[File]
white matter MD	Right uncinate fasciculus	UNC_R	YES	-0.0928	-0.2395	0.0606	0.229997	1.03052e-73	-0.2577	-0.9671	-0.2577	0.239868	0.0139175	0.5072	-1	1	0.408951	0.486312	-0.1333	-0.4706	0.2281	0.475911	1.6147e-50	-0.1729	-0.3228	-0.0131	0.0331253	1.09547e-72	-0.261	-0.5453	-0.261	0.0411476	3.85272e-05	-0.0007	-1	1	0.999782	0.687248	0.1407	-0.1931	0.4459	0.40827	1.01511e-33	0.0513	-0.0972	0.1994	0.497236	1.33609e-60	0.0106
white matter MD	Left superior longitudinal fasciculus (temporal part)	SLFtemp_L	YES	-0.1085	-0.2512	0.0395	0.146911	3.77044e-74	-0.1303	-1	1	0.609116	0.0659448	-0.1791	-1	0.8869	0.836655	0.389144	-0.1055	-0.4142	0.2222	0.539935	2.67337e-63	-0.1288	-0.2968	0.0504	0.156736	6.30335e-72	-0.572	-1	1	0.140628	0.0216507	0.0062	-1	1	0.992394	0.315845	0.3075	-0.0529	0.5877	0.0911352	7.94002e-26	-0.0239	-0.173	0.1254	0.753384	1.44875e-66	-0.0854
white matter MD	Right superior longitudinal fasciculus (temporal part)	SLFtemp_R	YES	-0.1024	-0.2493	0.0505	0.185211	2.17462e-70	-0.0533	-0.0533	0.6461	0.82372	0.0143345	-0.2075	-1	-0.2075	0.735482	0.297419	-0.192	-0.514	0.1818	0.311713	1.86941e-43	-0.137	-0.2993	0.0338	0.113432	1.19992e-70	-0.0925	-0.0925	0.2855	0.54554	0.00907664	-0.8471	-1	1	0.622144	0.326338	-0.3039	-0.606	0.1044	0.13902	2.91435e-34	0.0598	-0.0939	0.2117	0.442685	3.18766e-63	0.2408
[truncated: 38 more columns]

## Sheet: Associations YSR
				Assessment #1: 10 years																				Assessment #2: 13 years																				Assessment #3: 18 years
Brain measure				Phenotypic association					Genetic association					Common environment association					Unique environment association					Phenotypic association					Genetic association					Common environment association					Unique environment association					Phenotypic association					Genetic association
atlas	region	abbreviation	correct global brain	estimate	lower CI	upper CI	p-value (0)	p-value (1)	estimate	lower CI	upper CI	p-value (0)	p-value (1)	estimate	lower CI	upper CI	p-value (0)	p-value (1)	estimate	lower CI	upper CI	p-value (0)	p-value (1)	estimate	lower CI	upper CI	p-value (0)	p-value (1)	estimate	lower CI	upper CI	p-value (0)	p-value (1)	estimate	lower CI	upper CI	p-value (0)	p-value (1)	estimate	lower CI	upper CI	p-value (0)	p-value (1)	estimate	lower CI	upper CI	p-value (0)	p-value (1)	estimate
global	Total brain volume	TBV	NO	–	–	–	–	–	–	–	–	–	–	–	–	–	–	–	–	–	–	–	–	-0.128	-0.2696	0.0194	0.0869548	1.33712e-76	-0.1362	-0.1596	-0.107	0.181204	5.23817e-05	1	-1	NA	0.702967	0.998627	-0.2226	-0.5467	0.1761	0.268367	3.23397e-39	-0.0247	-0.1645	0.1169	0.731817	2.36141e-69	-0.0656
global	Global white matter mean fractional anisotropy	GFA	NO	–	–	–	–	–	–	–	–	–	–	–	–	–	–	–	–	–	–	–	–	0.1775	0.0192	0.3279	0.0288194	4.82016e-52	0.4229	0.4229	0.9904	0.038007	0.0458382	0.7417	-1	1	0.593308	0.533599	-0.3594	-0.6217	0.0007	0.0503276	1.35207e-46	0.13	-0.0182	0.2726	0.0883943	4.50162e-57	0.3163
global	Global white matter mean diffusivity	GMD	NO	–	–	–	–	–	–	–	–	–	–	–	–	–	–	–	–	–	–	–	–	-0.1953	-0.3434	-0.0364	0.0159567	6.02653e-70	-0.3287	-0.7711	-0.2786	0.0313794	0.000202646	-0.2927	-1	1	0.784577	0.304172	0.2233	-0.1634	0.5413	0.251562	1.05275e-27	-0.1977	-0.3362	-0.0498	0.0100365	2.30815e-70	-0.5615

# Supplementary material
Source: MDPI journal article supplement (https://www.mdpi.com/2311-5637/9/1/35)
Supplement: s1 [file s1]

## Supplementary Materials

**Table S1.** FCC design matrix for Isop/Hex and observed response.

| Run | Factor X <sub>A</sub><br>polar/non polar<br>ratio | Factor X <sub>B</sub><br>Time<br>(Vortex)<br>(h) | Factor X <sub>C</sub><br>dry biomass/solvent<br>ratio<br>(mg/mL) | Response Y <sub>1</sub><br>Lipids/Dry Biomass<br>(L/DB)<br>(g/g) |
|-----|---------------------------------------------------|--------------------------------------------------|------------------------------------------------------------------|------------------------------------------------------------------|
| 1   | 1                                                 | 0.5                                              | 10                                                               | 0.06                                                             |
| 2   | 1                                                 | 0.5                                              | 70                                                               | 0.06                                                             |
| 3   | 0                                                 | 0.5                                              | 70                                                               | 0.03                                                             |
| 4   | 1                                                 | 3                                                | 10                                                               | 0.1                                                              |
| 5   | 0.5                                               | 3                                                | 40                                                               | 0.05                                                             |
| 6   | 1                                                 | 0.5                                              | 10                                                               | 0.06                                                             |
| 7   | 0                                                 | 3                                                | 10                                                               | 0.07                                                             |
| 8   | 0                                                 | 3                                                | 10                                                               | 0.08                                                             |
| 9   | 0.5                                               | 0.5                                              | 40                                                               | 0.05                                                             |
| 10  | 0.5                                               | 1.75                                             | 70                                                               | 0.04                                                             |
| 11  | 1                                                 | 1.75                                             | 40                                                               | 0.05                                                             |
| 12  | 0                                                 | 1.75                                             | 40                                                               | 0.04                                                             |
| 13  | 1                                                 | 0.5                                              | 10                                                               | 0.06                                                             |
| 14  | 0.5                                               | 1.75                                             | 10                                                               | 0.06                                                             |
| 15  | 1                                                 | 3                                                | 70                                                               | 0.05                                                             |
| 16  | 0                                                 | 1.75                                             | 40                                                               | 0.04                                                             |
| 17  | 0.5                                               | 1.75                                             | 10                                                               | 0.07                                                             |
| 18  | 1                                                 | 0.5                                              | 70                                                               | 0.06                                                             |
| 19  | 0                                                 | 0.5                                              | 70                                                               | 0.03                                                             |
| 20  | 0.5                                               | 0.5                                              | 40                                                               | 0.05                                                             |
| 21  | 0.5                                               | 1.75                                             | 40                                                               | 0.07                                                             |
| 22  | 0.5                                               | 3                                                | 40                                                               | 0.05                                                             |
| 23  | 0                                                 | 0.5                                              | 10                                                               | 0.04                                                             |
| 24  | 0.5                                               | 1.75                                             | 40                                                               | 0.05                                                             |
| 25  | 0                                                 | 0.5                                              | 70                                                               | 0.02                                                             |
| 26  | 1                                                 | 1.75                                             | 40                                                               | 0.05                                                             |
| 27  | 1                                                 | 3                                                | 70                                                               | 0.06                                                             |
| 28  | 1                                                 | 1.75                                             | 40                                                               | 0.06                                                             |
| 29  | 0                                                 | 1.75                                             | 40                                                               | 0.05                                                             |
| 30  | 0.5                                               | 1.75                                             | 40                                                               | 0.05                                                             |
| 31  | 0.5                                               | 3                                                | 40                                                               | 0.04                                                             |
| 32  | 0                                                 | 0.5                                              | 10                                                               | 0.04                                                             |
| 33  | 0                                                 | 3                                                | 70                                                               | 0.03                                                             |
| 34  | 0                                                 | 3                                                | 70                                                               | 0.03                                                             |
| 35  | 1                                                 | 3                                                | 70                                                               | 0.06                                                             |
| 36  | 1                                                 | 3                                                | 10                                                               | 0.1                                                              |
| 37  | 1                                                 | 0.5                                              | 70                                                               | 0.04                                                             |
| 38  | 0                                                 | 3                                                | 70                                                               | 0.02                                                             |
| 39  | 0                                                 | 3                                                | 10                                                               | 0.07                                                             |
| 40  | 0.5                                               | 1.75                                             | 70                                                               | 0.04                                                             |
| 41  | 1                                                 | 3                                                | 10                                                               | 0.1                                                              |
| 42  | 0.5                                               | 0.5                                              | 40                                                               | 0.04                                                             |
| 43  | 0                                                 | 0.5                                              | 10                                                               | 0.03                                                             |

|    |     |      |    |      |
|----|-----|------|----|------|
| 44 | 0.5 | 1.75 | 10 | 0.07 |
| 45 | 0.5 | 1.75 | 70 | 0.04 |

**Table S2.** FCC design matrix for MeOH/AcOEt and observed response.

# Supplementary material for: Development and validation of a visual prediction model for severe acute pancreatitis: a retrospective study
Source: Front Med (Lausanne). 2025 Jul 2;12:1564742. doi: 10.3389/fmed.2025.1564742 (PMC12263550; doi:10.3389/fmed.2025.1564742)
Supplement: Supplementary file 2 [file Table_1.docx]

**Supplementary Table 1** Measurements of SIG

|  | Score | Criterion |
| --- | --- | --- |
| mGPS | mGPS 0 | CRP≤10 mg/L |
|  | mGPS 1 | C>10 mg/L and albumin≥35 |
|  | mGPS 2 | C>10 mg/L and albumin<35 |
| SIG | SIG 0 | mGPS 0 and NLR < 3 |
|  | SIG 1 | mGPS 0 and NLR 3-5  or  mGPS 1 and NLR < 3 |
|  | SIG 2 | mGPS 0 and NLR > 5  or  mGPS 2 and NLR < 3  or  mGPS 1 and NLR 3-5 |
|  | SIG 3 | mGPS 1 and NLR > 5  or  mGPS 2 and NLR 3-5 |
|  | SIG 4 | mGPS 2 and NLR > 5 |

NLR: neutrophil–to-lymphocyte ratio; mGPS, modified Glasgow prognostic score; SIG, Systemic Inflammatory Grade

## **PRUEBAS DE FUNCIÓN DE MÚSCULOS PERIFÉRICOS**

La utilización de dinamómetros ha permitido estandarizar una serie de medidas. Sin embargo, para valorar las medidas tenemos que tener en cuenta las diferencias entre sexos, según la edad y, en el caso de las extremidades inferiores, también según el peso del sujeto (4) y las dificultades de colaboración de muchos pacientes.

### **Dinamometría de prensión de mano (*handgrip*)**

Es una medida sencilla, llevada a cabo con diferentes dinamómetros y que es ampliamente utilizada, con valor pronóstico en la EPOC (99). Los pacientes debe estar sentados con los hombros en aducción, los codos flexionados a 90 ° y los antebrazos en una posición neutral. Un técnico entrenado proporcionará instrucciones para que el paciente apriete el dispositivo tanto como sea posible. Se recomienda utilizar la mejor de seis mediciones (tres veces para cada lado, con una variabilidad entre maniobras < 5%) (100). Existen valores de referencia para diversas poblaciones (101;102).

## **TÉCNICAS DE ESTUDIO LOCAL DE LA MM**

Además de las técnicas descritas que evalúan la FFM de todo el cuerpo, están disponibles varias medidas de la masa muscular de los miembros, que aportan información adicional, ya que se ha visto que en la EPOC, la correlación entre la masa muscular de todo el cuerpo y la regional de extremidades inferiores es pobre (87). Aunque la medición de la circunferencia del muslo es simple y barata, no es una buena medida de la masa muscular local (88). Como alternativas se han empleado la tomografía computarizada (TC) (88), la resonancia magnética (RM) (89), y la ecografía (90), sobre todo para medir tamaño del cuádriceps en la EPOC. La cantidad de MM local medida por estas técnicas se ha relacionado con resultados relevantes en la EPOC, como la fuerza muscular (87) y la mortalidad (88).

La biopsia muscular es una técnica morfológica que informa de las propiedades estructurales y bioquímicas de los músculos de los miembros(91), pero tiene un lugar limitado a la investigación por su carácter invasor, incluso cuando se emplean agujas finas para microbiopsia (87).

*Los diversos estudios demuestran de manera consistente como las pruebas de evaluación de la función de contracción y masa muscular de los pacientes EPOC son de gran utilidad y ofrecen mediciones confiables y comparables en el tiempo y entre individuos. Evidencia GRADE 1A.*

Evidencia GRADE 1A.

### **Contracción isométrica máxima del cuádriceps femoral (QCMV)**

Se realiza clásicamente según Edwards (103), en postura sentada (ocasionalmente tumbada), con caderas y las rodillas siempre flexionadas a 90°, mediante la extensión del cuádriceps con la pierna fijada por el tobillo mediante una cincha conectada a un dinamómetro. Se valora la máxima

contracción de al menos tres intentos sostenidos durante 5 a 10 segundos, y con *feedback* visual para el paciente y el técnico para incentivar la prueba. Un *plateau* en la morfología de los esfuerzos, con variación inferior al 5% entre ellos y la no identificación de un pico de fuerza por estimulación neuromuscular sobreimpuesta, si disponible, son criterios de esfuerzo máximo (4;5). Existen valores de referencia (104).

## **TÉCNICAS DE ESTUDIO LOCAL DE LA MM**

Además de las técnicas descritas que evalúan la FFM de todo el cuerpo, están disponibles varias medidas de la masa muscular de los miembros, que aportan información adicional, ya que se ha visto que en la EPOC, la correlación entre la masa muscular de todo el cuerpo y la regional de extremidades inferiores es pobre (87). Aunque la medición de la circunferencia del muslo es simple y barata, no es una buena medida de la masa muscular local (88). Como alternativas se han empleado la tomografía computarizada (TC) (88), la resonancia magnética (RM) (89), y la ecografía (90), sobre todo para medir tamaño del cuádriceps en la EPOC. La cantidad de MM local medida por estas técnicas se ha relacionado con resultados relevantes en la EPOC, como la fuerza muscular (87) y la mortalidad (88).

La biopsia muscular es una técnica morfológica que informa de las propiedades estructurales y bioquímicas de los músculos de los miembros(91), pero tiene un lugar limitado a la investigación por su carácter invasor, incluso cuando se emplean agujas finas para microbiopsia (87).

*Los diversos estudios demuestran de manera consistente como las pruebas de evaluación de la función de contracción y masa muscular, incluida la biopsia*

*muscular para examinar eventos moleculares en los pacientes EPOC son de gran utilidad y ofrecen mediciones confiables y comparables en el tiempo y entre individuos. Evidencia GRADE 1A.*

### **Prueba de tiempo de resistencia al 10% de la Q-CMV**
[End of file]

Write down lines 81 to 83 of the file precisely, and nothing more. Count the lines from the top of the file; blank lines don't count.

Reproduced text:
NLR: neutrophil–to-lymphocyte ratio; mGPS, modified Glasgow prognostic score; SIG, Systemic Inflammatory Grade

## **PRUEBAS DE FUNCIÓN DE MÚSCULOS PERIFÉRICOS**

La utilización de dinamómetros ha permitido estandarizar una serie de medidas. Sin embargo, para valorar las medidas tenemos que tener en cuenta las diferencias entre sexos, según la edad y, en el caso de las extremidades inferiores, también según el peso del sujeto (4) y las dificultades de colaboración de muchos pacientes.